The CEO of Backpage, a classified ads website, pleaded guilty on Thursday to conspiracy, money laundering, and facilitating prostitution. Carl Ferrer will face up to five years in prison. His plea agreement requires that he permanently shut the website down immediately, according to a statement from the Justice Department, as well offer "technical assistance" to the US government to effectively do so.
Ferrer, 57, admitted that "he had long been aware that the great majority of Backpage's 'escort' and 'adult' advertisements are, in fact, advertisements for prostitution services," according to a statement from the Justice Department. Texas Attorney General Ken Paxton said in a statement that the company has also plead guilty to human trafficking in the state.
The Federal Bureau Investigation seized Backpage.com on April 6th, a move commended by the Department of Justice.
"For far too long, Backpage.com existed as the dominant marketplace for illicit commercial sex, a place where sex traffickers frequently advertised children and adults alike," Attorney General Jeff Sessions said in a statement on Thursday. "But this illegality stops right now."
Lawmakers have pointed at Backpage as a rationale for introducing both the Fight Online Sex Trafficking Act (FOSTA) and Stop Enabling Sex Traffickers Act (SESTA) this year. The intention of the bills is to fight online sex trafficking, but some argue that they will increase online censorship and endanger sex workers by taking away a forum to discuss violent clients as well as pushing them from safe online spaces to the streets.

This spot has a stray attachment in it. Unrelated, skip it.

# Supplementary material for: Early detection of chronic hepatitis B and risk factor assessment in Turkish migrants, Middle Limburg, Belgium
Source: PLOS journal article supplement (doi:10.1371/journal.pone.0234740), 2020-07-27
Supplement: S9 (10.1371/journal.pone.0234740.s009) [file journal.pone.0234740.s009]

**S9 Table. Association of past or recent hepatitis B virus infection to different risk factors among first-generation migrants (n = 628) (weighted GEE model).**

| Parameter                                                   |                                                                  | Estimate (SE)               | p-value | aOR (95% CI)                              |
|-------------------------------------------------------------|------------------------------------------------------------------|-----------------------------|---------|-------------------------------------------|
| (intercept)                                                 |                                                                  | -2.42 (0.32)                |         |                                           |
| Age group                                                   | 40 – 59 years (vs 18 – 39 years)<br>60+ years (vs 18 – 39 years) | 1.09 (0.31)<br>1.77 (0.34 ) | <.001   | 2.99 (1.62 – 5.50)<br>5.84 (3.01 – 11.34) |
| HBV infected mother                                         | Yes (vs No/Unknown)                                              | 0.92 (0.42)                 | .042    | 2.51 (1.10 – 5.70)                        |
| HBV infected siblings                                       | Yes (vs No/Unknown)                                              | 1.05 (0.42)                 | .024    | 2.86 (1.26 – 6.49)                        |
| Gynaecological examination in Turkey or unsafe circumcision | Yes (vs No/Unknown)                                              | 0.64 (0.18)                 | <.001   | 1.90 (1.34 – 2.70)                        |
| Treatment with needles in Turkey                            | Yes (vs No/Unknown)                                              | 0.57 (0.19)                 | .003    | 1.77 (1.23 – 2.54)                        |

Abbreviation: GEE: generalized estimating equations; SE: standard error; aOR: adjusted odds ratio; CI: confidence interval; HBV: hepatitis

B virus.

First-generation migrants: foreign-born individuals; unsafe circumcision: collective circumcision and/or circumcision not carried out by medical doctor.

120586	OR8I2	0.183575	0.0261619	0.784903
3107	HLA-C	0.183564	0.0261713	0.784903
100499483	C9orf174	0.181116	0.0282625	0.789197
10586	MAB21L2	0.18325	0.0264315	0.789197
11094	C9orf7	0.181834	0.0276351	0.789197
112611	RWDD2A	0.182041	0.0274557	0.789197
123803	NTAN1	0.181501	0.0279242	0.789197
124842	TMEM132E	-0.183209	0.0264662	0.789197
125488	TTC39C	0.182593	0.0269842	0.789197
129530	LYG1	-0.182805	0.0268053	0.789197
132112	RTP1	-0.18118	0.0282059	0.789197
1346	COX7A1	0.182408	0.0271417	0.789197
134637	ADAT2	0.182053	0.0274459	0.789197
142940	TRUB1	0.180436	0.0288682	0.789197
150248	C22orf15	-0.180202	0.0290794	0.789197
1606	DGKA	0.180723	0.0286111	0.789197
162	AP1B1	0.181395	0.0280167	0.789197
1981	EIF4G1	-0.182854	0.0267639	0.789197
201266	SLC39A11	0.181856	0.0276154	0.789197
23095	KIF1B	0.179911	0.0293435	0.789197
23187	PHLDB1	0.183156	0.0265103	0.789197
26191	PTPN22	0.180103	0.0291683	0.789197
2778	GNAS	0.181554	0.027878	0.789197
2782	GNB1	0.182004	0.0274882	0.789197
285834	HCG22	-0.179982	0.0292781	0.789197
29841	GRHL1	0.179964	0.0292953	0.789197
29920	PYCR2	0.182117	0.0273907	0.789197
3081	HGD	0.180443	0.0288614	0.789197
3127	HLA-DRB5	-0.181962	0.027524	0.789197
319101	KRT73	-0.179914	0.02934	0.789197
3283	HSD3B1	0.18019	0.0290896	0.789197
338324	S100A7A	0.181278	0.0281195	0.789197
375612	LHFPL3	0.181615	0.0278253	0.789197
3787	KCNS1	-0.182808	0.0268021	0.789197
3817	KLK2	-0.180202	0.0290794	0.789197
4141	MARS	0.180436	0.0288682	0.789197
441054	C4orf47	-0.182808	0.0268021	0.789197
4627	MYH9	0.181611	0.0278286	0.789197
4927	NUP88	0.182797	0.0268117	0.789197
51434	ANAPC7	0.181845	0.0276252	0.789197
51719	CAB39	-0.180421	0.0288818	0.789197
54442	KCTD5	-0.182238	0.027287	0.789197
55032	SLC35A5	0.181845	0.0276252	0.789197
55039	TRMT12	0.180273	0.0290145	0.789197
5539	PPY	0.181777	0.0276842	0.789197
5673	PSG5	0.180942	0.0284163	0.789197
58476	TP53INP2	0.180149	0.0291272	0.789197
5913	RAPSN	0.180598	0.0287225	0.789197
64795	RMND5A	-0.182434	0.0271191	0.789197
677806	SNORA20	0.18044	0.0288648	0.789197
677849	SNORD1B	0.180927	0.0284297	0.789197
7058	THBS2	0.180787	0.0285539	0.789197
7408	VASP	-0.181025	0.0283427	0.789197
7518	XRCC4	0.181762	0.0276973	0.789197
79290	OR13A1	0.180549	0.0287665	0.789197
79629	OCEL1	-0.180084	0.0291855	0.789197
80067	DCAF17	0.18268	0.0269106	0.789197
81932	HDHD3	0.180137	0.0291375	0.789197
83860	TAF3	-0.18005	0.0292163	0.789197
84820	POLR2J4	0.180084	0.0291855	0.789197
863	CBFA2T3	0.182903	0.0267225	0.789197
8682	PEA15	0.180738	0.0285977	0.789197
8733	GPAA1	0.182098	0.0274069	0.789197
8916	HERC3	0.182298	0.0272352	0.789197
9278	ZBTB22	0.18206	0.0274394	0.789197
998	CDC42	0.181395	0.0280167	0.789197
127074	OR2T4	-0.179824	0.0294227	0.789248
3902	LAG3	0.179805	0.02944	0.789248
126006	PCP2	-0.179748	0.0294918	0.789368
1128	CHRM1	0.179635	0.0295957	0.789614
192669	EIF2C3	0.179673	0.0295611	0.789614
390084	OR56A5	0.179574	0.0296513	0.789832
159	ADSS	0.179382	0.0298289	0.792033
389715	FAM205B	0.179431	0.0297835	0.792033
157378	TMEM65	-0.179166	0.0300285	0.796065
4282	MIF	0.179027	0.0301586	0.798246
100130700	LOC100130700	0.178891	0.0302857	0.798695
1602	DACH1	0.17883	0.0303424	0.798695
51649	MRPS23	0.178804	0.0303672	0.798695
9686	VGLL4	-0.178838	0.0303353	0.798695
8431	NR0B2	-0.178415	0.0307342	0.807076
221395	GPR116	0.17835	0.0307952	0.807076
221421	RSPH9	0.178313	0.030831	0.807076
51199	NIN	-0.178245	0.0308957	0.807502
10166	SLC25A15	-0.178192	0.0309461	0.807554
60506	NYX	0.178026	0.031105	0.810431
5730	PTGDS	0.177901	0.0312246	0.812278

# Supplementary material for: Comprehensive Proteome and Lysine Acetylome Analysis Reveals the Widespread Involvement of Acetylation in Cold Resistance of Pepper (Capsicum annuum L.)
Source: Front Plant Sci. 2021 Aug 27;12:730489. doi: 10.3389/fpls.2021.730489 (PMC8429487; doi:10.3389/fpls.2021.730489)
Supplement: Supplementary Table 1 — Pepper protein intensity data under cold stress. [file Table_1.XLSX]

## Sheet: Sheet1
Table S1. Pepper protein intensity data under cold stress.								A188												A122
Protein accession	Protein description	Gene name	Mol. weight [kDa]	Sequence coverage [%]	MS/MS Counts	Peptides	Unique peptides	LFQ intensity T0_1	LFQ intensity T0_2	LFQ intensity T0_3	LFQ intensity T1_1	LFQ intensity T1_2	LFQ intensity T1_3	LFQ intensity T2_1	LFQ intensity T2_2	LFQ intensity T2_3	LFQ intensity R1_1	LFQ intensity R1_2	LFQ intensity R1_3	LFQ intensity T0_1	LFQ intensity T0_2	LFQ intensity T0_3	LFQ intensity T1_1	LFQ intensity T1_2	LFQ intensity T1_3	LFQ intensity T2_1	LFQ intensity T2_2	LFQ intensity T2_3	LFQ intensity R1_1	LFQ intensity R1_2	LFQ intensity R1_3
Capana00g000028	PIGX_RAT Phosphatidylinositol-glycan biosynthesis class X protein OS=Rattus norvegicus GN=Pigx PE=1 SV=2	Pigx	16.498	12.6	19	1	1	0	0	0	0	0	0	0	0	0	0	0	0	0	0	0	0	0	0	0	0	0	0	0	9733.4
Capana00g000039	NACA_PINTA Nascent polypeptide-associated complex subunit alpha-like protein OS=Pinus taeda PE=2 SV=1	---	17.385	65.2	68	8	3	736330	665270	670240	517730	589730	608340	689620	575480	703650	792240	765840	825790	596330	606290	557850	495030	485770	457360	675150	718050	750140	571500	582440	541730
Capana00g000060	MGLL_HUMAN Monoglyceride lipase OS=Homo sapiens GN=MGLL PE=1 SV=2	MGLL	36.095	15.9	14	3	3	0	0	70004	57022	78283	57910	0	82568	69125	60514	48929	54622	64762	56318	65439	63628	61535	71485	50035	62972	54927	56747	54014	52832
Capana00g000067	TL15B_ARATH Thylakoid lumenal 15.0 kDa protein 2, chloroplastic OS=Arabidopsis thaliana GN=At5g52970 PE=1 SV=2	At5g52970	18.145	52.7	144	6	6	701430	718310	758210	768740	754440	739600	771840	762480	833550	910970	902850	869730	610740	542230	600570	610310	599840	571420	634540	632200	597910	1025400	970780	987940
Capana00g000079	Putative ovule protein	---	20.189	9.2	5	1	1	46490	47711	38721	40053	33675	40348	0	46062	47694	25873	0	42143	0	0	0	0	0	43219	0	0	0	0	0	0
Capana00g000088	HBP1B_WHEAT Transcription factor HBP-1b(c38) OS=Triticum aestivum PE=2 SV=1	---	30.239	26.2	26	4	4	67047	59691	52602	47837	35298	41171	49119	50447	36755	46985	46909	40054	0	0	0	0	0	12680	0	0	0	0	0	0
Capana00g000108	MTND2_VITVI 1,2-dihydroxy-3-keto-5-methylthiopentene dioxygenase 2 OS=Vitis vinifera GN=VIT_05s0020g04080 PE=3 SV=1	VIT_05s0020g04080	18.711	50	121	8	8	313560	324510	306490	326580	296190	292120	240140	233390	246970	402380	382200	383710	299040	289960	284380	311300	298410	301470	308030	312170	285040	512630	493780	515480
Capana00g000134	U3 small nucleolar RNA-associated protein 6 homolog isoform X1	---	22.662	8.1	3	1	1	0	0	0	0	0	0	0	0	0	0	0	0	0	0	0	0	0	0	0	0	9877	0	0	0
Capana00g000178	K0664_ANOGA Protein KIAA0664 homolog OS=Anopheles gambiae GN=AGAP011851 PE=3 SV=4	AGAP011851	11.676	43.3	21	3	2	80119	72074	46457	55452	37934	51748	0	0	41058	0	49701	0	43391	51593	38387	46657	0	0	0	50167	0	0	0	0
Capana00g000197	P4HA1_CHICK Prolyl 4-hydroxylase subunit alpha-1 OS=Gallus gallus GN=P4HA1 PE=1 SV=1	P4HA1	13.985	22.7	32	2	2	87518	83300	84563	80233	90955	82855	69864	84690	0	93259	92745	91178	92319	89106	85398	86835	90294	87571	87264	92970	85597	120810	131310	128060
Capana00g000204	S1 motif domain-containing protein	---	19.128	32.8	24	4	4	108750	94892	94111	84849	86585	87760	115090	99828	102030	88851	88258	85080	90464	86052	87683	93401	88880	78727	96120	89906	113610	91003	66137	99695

Donald Trump signed the bill into law on Wednesday.
The Sex Workers Outreach Project noted in a statement that services like Backpage provide sex workers with a place to freely discuss potentially dangerous clients, establish boundaries with clients ahead of time, and protect them from police abuse and violence.
"The seizure of Backpage is another example of state-sanctioned violence against the sex work community and their families," SWOP wrote in the statement following the seizure of Backpage. "To do this in the name of anti-trafficking is absurd, as this drives trafficking further underground and makes it more difficult to access the most marginalised members of any group of people — whether they be exploited or not."